Reported: Insomnia, anxiety, tremors, restlessness, agitation, nausea and vomiting, palpitations, and headache.
Chemotherapy: Due to its antioxidant activity, mate may interfere with some chemo drugs (11).
Herb Lab Interactions
Due to the caffeine content in mate, the following lab tests may be altered:
- Blood pressure
- Catecholamine levels
- Bleeding time as measured by PT, aPTT, or INR
Dosage (Inside MSKCC Only)
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- De Stefani E, Correa P, Fierro L, et al. Black tobacco, mate, and bladder cancer. A case-control study from Uruguay. Cancer. Jan 15 1991;67(2):536-540.
- De Stefani E, Boffetta P, Deneo-Pellegrini H, et al. Non-alcoholic beverages and risk of bladder cancer in Uruguay. BMC Cancer. 2007;7:57.
- Bates MN, Hopenhayn C, Rey OA, et al. Bladder cancer and mate consumption in Argentina: a case-control study. Cancer Lett. Feb 8 2007;246(1-2):268-273.
- Pintos J, Franco EL, Oliveira BV, et al. Mate, coffee, and tea consumption and risk of cancers of the upper aerodigestive tract in southern Brazil. Epidemiology. Nov 1994;5(6):583-590.
- De Stefani E, Fierro L, Correa P, et al. Mate drinking and risk of lung cancer in males: a case-control study from Uruguay. Cancer Epidemiol Biomarkers Prev. Jul 1996;5(7):515-519.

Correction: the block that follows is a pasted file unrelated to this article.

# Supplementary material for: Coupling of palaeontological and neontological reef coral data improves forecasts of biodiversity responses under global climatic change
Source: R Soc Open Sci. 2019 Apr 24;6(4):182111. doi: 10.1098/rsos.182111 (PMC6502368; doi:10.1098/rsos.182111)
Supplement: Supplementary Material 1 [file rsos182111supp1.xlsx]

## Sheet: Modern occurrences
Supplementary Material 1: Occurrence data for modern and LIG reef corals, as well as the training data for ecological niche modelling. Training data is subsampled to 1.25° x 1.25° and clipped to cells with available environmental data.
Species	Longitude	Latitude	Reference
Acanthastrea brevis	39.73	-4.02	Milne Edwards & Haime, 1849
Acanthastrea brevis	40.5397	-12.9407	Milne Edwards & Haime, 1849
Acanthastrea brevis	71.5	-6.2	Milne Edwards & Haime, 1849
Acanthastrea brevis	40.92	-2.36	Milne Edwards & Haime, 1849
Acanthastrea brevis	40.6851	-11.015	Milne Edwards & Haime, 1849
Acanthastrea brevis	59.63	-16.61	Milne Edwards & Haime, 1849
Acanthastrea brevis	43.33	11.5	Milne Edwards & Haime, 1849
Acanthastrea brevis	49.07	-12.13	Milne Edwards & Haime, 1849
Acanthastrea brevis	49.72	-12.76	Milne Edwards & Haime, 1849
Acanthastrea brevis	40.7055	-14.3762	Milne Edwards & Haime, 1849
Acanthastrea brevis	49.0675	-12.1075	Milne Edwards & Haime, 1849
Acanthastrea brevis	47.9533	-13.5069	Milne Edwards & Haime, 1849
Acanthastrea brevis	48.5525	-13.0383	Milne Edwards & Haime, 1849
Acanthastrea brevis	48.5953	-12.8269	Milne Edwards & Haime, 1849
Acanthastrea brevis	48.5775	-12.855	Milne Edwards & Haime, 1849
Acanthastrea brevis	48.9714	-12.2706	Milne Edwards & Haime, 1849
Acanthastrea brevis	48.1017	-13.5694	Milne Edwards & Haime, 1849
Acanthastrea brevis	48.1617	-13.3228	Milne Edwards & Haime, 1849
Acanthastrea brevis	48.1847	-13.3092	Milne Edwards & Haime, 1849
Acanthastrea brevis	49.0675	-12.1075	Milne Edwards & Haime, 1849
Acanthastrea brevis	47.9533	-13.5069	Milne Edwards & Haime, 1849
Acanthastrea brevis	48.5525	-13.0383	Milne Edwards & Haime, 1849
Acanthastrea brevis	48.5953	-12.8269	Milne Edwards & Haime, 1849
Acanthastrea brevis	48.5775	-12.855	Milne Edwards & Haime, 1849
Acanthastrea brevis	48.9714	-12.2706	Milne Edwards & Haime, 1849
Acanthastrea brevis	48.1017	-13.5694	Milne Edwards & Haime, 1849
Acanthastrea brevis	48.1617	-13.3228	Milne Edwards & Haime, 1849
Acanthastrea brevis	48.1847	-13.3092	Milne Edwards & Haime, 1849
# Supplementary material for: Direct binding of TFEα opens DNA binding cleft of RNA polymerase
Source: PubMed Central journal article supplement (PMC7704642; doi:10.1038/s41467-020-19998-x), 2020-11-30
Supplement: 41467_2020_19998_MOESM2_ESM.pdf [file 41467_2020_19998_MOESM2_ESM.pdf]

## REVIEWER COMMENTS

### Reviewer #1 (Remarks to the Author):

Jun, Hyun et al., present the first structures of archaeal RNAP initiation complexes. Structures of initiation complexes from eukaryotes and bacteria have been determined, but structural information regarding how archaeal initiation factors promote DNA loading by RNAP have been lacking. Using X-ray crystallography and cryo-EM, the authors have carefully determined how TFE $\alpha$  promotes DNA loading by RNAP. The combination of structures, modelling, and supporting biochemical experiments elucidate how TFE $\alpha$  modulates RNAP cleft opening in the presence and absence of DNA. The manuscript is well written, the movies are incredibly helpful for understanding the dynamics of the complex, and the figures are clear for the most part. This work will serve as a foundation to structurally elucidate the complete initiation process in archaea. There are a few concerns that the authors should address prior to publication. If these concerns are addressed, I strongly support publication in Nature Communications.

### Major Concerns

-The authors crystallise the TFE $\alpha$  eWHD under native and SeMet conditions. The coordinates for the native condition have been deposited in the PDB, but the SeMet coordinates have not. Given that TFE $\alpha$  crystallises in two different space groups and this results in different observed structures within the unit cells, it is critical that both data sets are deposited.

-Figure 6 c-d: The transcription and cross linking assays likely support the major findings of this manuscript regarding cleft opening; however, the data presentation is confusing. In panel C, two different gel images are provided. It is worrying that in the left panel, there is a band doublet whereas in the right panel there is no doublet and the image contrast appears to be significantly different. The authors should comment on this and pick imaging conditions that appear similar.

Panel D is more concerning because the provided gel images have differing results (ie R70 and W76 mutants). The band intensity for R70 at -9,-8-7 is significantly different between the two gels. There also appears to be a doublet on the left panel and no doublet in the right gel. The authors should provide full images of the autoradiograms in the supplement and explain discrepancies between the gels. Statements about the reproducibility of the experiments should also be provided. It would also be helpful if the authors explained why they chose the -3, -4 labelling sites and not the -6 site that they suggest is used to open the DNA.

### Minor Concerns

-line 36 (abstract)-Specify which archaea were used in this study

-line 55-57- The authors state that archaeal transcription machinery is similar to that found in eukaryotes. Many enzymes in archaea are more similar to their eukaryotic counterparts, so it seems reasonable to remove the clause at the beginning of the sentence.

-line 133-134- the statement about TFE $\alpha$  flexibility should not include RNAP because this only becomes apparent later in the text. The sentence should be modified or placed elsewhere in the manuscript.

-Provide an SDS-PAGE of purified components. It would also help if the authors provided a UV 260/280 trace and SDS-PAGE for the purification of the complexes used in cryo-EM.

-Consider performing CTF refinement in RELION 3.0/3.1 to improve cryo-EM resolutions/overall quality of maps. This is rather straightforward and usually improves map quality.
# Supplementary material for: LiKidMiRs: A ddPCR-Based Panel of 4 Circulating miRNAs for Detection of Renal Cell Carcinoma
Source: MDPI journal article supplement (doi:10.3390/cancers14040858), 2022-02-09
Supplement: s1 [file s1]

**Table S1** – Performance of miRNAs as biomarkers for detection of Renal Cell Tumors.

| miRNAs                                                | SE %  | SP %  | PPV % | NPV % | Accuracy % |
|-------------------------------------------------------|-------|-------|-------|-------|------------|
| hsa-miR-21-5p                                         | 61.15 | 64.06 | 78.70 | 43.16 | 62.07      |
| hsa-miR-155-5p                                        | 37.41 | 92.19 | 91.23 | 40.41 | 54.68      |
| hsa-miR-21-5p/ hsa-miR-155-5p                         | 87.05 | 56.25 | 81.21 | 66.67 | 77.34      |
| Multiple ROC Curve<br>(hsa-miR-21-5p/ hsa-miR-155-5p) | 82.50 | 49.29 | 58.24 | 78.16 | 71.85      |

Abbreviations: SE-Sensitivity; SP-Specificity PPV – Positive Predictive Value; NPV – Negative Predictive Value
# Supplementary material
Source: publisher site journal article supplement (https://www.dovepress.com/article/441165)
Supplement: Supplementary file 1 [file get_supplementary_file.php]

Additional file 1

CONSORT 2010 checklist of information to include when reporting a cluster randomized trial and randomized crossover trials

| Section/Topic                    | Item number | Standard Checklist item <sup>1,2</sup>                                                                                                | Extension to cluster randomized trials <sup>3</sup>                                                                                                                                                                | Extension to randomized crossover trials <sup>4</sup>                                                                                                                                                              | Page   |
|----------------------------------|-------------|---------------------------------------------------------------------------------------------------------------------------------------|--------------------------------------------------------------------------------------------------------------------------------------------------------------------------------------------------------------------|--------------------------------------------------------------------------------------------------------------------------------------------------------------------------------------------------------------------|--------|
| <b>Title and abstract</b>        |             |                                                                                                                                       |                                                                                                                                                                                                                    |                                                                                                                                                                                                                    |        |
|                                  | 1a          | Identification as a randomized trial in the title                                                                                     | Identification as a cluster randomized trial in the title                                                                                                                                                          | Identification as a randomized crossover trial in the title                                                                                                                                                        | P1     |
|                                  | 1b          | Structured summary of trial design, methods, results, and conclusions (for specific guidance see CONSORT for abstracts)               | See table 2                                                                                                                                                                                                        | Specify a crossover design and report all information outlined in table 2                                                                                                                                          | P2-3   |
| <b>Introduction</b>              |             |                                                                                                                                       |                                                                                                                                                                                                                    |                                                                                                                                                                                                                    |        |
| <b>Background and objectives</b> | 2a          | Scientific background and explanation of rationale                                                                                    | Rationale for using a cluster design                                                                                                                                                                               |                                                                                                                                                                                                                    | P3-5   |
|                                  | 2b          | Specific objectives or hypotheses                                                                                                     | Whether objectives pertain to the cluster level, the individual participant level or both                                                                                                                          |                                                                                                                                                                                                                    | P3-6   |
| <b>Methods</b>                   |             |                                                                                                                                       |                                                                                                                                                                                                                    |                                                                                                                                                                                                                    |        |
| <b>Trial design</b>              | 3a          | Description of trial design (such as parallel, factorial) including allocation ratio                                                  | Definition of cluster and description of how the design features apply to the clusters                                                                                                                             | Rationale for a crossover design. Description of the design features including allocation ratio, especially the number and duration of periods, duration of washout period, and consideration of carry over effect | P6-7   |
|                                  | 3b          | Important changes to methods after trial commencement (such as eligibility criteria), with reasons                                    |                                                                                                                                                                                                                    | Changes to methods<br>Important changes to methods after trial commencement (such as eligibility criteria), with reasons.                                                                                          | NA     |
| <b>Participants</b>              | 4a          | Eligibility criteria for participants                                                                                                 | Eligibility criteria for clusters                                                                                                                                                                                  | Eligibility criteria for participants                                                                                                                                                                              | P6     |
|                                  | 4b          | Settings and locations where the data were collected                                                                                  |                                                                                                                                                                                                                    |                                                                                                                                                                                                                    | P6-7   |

- Schulz V, Rudolf H, Tyler V. Rational Phytotherapy: A Physician's Guide to the Use of Herbs and Related Remedies. 3rd ed. Berlin (Germany): Springer; 1998.
- Brinker F. Herb Contraindications and Drug Interactions. 3rd ed. Sandy (OR): Eclectic Medical Publications; 2001.
- Bisset N. Herbal Drugs and Phytopharmaceuticals. Stuttgart (Germany): CRC Press; 1994.
- Goldenberg D, Lee J, Koch WM, et al. Habitual risk factors for head and neck cancer. Otolaryngol Head Neck Surg. 2004;131(6):989-93.
- Andersen T, Fogh J. Weight loss and delayed gastric emptying following a South American herbal preparation in overweight patients. J Hum Nutr Diet 2001 Jun;14(3):243-50.
- Miranda DD, Arcari DP, Pedrazzoli J Jr, et al. Protective effects of mate tea (Ilex paraguariensis) on H2O2-induced DNA damage and DNA repair in mice. Mutagenesis 2008 Jul;23(4):261-5. Epub 2008 Feb 27.
- Schinella G, Fantinelli JC, Mosca SM. Cardioprotective effects of Ilex paraguariensis extract: evidence for a nitric oxide-dependent mechanism. Clin Nutr 2005 Jun;24(3):360-6.
- Arbiser JL, Li XC, Hossain CF, et al. Naturally occurring proteasome inhibitors from mate tea (Ilex paraguayensis) serve as models for topical proteasome inhibitors. J Invest Dermatol. 2005 Aug;125(2):207-12.
- Martin I, Lopez-Vilchez MA, Mur A, et al. Neonatal withdrawal syndrome after chronic maternal drinking of mate. Ther Drug Monit 2007 Feb;29(1):127-9.